Are Humming Yoga Studios the Next Trend or Just a Gimmick?

Brittany Risher
by Brittany Risher
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Are Humming Yoga Studios the Next Trend or Just a Gimmick?

Some yoga classes use meditative music, some play hip-hop and others use your breath as the only background noise, but what if your yoga studio hummed? Not as in playing the kazoo or your instructor humming whatever is stuck in their head — but what if the actual room you practiced in seemed to hum?

That’s the concept of Humming Puppy, which has locations in Melbourne, Sydney and New York City. The yoga practice rooms are designed to be minimal with no distractions of bright lights, mirrors or art work, explains COO and co-founder Jackie Koch. “Combined with intentional subtle lighting, this allows students to drop into a meditative state of being as soon as they enter the room,” she says.


And then there’s the humming sound. The room is injected with a combination of frequencies to “enhance and deepen” your experience, Koch says. They specifically use 7.83 hertz to “ground” your experience and 40 hertz, which they say is associated with brain waves that help you achieve peak performance.


First off, 7.83 hertz is known as the Schumann Resonance. This is the frequency of the earth’s magnetic field, hence many associate it with a feeling of “grounding.” It’s also the frequency of brain waves at the low end of the alpha range. “The human mind is in its most relaxed state when the alpha range of brain waves is dominant,” explains Lee Bartel, PhD, professor emeritus of music at University of Toronto and founding director of the Music and Health Research Collaboratory.

“Music at that rate may contribute to a state of relaxation in the mind and help you de-stress,” he adds.


As for 40 hertz, that is in the gamma range. Gamma brain waves play a role in memory and concentration. “The brain-wave frequency at which the brain connects circuits is in the gamma range, which is 30–90 hertz,” Bartel says.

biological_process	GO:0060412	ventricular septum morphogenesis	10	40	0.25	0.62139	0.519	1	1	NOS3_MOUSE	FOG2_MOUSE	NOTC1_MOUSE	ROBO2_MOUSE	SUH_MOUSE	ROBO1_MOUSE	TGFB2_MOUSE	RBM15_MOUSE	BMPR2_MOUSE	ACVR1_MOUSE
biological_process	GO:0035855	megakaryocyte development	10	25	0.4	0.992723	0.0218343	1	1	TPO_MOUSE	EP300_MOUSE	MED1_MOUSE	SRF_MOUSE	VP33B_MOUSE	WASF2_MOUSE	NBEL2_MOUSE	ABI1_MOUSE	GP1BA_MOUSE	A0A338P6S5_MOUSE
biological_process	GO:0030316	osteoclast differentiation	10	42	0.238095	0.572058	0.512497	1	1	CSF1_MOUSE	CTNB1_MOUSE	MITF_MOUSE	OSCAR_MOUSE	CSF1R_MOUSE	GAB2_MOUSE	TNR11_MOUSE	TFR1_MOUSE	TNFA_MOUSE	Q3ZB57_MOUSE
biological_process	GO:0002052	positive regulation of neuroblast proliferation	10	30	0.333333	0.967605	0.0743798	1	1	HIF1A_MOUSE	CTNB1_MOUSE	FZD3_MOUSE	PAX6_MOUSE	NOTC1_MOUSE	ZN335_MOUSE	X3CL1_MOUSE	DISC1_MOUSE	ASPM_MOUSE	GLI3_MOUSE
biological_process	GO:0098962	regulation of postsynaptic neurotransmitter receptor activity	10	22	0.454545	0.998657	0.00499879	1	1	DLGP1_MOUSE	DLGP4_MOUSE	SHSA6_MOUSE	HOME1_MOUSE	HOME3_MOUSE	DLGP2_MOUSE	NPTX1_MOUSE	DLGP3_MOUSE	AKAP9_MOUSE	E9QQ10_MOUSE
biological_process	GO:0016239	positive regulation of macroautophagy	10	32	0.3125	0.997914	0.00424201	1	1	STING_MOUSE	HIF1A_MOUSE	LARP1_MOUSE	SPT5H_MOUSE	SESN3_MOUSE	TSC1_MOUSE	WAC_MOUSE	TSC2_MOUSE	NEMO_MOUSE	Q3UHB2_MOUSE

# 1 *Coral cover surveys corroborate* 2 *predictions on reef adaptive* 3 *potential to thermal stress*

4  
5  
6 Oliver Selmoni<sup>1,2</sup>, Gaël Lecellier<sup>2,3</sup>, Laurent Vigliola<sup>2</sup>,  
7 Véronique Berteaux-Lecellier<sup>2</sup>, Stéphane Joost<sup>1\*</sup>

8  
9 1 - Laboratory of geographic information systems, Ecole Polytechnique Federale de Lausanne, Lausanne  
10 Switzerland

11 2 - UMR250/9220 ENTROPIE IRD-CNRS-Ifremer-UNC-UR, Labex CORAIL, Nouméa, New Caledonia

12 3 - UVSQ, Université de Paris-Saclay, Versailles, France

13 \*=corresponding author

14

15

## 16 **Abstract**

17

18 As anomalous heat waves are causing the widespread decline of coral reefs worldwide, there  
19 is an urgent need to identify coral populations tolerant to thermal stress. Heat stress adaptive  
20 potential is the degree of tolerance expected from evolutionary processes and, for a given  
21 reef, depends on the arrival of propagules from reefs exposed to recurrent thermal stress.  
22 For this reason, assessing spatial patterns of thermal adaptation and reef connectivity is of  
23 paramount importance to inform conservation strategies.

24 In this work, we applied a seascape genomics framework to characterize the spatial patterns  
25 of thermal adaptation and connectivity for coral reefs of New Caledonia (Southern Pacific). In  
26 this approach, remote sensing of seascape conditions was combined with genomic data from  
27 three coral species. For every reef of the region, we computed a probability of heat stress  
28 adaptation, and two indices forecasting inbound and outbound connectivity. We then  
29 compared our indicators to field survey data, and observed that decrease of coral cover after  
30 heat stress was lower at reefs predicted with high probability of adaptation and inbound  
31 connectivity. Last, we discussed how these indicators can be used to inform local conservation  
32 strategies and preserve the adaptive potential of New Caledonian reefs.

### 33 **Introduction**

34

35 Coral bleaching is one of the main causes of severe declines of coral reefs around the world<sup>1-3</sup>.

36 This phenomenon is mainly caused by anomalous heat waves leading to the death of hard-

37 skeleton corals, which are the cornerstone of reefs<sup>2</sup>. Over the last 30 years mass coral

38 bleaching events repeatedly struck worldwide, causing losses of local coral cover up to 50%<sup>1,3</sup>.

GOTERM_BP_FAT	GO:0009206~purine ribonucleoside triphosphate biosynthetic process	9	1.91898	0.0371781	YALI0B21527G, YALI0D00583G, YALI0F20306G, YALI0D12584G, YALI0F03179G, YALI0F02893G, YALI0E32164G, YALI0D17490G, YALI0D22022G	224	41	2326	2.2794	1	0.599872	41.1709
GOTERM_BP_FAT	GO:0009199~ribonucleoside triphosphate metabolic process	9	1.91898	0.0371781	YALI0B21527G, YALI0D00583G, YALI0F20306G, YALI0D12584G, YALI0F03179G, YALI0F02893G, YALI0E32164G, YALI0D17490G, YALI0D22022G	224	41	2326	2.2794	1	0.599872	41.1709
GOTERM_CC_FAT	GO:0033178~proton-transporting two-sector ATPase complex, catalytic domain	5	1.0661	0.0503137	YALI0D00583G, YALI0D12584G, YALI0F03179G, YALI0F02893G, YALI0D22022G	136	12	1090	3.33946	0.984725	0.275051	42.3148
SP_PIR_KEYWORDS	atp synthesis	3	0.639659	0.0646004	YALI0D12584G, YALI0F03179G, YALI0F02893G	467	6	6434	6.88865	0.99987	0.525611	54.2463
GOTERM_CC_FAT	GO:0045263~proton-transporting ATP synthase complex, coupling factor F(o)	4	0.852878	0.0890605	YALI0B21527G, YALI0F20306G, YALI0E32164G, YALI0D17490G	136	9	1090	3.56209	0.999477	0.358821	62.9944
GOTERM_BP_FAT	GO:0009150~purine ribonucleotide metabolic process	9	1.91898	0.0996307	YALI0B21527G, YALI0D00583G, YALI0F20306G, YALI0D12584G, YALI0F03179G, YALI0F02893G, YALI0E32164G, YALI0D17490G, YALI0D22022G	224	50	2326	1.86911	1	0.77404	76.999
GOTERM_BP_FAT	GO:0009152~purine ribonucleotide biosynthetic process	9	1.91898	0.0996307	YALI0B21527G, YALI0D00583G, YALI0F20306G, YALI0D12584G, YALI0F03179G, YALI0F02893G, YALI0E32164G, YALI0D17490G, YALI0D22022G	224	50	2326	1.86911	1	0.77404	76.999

Some studies have found stimulating the brain with gamma waves may improve memory — in those with Alzheimer’s disease. Earlier research found long-time meditators may generate higher levels of gamma waves compared to non-meditators.


Although it sounds cool and Humming Puppy worked with acoustic engineers, it’s unclear if a humming studio will do anything for you.

“Can sound stimulate brain activity? Definitely yes. But the frequency of that stimulation varies with what the desired brain effect is. It’s hard to generalize one-size-fits-all frequency,” Bartel says. “Sending a 40-hertz hum or pulse into the room is probably not a harmful thing, but we aren’t sure how good it is, particularly in healthy people.”

And 40 hertz and 10 hertz — rather than the mystical 7.83 — have more scientific evidence of brain benefits, he adds.

But if the humming and overall vibe of a dimly lit studio with no mirrors helps you relax and focus solely on your yoga practice, it’s certainly not a bad thing.

About the Author

Brittany Risher
Brittany Risher

Brittany is a writer, editor and digital strategist specializing in health and lifestyle content. She loves experimenting with new vegan recipes and believes hummus is a food group. To stay sane from working too hard, she turns to yoga, strength training, meditation and scotch. Connect with her on TwitterInstagram, and Google+.


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